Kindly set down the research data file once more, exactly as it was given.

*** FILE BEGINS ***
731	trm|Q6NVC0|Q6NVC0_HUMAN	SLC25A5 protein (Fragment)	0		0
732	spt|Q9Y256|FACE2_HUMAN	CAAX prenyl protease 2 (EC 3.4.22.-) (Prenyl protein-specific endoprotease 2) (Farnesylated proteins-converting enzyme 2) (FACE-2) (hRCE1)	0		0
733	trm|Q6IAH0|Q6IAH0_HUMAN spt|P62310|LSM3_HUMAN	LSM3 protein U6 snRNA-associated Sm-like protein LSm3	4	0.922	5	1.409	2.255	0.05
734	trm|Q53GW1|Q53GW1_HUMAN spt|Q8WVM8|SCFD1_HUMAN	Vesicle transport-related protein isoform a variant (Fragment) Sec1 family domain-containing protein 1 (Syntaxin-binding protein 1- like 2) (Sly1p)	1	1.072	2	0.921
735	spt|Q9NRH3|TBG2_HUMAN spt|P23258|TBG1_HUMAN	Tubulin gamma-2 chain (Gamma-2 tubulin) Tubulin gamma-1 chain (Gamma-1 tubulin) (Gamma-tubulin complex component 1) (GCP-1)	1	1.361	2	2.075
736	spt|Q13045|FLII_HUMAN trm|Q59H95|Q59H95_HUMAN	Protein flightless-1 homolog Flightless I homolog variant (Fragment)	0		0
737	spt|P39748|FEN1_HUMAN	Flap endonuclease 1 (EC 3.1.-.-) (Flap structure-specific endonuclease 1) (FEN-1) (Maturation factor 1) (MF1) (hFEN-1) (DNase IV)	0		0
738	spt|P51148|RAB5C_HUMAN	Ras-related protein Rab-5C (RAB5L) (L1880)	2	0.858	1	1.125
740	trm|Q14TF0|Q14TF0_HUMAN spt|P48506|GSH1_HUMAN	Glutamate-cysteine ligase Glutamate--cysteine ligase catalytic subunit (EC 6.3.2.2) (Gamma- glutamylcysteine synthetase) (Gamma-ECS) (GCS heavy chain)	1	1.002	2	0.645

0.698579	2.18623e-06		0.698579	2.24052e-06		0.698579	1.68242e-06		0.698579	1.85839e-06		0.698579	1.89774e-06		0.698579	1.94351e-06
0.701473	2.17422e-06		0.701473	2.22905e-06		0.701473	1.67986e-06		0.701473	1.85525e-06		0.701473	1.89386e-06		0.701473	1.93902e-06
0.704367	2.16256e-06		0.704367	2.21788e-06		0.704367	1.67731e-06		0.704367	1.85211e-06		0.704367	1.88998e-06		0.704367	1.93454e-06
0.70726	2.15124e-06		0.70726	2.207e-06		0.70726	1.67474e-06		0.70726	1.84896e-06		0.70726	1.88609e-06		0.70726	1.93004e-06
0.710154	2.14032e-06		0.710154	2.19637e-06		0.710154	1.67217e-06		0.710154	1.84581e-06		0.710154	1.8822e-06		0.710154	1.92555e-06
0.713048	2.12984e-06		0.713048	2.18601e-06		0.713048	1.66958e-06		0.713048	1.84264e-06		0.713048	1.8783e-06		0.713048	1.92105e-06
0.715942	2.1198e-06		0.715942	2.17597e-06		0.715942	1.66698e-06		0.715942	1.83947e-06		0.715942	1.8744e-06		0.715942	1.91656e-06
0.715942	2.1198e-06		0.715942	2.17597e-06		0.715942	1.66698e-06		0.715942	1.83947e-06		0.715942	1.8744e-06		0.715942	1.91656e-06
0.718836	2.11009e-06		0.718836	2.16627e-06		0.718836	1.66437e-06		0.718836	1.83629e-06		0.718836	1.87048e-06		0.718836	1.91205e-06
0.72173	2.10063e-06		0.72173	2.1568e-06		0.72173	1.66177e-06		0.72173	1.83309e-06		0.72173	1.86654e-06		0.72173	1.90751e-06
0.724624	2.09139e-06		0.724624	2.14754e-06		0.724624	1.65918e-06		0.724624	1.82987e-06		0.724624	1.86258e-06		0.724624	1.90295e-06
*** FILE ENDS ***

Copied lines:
731	trm|Q6NVC0|Q6NVC0_HUMAN	SLC25A5 protein (Fragment)	0		0
732	spt|Q9Y256|FACE2_HUMAN	CAAX prenyl protease 2 (EC 3.4.22.-) (Prenyl protein-specific endoprotease 2) (Farnesylated proteins-converting enzyme 2) (FACE-2) (hRCE1)	0		0
733	trm|Q6IAH0|Q6IAH0_HUMAN spt|P62310|LSM3_HUMAN	LSM3 protein U6 snRNA-associated Sm-like protein LSm3	4	0.922	5	1.409	2.255	0.05
734	trm|Q53GW1|Q53GW1_HUMAN spt|Q8WVM8|SCFD1_HUMAN	Vesicle transport-related protein isoform a variant (Fragment) Sec1 family domain-containing protein 1 (Syntaxin-binding protein 1- like 2) (Sly1p)	1	1.072	2	0.921
735	spt|Q9NRH3|TBG2_HUMAN spt|P23258|TBG1_HUMAN	Tubulin gamma-2 chain (Gamma-2 tubulin) Tubulin gamma-1 chain (Gamma-1 tubulin) (Gamma-tubulin complex component 1) (GCP-1)	1	1.361	2	2.075
736	spt|Q13045|FLII_HUMAN trm|Q59H95|Q59H95_HUMAN	Protein flightless-1 homolog Flightless I homolog variant (Fragment)	0		0
737	spt|P39748|FEN1_HUMAN	Flap endonuclease 1 (EC 3.1.-.-) (Flap structure-specific endonuclease 1) (FEN-1) (Maturation factor 1) (MF1) (hFEN-1) (DNase IV)	0		0
738	spt|P51148|RAB5C_HUMAN	Ras-related protein Rab-5C (RAB5L) (L1880)	2	0.858	1	1.125
740	trm|Q14TF0|Q14TF0_HUMAN spt|P48506|GSH1_HUMAN	Glutamate-cysteine ligase Glutamate--cysteine ligase catalytic subunit (EC 6.3.2.2) (Gamma- glutamylcysteine synthetase) (Gamma-ECS) (GCS heavy chain)	1	1.002	2	0.645

0.698579	2.18623e-06		0.698579	2.24052e-06		0.698579	1.68242e-06		0.698579	1.85839e-06		0.698579	1.89774e-06		0.698579	1.94351e-06
0.701473	2.17422e-06		0.701473	2.22905e-06		0.701473	1.67986e-06		0.701473	1.85525e-06		0.701473	1.89386e-06		0.701473	1.93902e-06
0.704367	2.16256e-06		0.704367	2.21788e-06		0.704367	1.67731e-06		0.704367	1.85211e-06		0.704367	1.88998e-06		0.704367	1.93454e-06
0.70726	2.15124e-06		0.70726	2.207e-06		0.70726	1.67474e-06		0.70726	1.84896e-06		0.70726	1.88609e-06		0.70726	1.93004e-06
0.710154	2.14032e-06		0.710154	2.19637e-06		0.710154	1.67217e-06		0.710154	1.84581e-06		0.710154	1.8822e-06		0.710154	1.92555e-06
0.713048	2.12984e-06		0.713048	2.18601e-06		0.713048	1.66958e-06		0.713048	1.84264e-06		0.713048	1.8783e-06		0.713048	1.92105e-06
0.715942	2.1198e-06		0.715942	2.17597e-06		0.715942	1.66698e-06		0.715942	1.83947e-06		0.715942	1.8744e-06		0.715942	1.91656e-06
0.715942	2.1198e-06		0.715942	2.17597e-06		0.715942	1.66698e-06		0.715942	1.83947e-06		0.715942	1.8744e-06		0.715942	1.91656e-06
0.718836	2.11009e-06		0.718836	2.16627e-06		0.718836	1.66437e-06		0.718836	1.83629e-06		0.718836	1.87048e-06		0.718836	1.91205e-06
0.72173	2.10063e-06		0.72173	2.1568e-06		0.72173	1.66177e-06		0.72173	1.83309e-06		0.72173	1.86654e-06		0.72173	1.90751e-06
0.724624	2.09139e-06		0.724624	2.14754e-06		0.724624	1.65918e-06		0.724624	1.82987e-06		0.724624	1.86258e-06		0.724624	1.90295e-06